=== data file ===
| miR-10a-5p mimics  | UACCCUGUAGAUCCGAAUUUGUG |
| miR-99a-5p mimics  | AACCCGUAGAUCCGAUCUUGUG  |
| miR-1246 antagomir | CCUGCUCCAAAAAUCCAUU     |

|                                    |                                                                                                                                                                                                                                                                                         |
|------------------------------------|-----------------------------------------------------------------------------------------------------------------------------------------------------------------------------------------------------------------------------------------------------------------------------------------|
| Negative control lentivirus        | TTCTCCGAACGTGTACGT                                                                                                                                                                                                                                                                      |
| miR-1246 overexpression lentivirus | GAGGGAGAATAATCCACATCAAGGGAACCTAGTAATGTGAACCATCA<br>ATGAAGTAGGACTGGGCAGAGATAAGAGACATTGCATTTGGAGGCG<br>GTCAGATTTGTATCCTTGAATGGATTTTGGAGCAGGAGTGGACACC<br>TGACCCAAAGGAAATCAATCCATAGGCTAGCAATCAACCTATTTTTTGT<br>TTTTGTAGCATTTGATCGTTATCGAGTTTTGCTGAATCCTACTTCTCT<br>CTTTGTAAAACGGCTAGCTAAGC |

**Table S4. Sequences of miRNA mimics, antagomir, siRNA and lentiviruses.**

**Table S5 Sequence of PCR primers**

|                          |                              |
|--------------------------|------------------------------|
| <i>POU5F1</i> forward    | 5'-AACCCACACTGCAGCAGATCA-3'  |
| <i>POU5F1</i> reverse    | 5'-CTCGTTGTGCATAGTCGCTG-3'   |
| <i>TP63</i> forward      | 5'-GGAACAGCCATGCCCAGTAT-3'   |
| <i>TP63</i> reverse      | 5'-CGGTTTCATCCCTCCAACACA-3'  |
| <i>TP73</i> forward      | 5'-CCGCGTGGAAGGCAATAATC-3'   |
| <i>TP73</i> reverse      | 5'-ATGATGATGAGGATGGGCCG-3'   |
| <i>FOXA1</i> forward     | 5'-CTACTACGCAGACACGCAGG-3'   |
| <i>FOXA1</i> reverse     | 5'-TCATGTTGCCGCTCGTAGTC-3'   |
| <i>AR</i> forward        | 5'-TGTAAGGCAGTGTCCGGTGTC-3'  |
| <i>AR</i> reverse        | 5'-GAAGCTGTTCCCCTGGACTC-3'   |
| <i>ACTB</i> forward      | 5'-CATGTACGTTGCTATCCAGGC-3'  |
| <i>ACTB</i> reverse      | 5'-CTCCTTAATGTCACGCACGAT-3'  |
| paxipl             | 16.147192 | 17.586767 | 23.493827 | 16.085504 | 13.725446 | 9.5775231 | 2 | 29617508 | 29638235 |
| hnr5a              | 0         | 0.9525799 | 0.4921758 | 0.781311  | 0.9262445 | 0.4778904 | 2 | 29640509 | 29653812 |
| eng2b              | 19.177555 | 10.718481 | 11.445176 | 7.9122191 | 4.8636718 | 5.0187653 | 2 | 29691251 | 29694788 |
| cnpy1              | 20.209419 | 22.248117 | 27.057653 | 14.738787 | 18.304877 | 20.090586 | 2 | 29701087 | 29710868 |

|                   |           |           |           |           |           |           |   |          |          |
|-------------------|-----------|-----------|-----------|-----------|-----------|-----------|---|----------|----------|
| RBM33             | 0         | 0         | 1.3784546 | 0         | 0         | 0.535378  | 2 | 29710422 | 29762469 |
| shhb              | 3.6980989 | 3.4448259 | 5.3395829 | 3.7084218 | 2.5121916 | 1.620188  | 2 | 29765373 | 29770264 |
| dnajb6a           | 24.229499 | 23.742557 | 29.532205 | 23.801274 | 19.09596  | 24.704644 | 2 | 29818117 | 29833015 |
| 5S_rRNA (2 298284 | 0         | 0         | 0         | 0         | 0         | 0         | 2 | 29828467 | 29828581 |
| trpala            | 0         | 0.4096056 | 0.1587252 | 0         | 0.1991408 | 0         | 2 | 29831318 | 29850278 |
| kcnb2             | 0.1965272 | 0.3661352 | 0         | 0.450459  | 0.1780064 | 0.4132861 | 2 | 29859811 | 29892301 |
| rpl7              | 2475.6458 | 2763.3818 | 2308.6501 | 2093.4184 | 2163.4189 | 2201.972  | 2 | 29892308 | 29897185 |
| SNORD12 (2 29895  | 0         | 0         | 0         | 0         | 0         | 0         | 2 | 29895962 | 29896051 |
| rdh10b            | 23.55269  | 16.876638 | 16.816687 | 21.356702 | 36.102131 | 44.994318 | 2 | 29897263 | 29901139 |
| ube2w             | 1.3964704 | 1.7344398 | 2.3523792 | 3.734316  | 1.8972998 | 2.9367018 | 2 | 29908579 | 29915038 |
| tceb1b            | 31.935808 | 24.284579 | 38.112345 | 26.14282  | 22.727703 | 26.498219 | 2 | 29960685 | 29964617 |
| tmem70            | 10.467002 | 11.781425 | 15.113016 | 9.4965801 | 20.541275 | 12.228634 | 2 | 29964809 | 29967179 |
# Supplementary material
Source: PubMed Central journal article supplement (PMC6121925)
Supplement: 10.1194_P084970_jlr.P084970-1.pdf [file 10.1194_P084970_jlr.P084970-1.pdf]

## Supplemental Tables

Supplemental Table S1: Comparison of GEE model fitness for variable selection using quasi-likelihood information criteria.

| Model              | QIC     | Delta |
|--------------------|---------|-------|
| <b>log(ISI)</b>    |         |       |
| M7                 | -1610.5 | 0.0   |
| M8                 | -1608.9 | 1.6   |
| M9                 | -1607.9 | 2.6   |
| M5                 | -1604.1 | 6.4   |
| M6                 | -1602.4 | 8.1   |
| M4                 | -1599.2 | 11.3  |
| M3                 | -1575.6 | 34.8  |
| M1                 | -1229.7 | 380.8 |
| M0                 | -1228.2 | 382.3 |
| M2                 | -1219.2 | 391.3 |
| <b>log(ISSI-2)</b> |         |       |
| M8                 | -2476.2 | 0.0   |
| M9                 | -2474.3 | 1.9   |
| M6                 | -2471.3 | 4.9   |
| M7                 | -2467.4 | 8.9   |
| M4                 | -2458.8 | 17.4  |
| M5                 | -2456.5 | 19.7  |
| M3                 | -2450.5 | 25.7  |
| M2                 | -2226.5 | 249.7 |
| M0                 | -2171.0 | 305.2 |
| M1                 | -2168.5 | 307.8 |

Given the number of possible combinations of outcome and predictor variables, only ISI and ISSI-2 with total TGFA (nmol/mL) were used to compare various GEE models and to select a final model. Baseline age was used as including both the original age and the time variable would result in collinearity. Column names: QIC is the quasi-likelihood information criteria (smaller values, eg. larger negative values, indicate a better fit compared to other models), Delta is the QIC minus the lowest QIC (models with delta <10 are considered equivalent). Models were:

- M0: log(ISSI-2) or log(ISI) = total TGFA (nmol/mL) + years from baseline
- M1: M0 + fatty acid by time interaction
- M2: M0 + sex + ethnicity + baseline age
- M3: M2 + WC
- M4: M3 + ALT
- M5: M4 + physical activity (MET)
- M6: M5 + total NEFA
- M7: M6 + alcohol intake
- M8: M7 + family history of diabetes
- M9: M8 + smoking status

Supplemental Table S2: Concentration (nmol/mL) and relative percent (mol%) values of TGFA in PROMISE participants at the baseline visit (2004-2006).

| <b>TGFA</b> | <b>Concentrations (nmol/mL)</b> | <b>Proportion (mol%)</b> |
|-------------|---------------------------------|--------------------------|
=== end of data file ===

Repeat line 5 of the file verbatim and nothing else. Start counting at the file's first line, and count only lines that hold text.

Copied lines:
|------------------------------------|-----------------------------------------------------------------------------------------------------------------------------------------------------------------------------------------------------------------------------------------------------------------------------------------|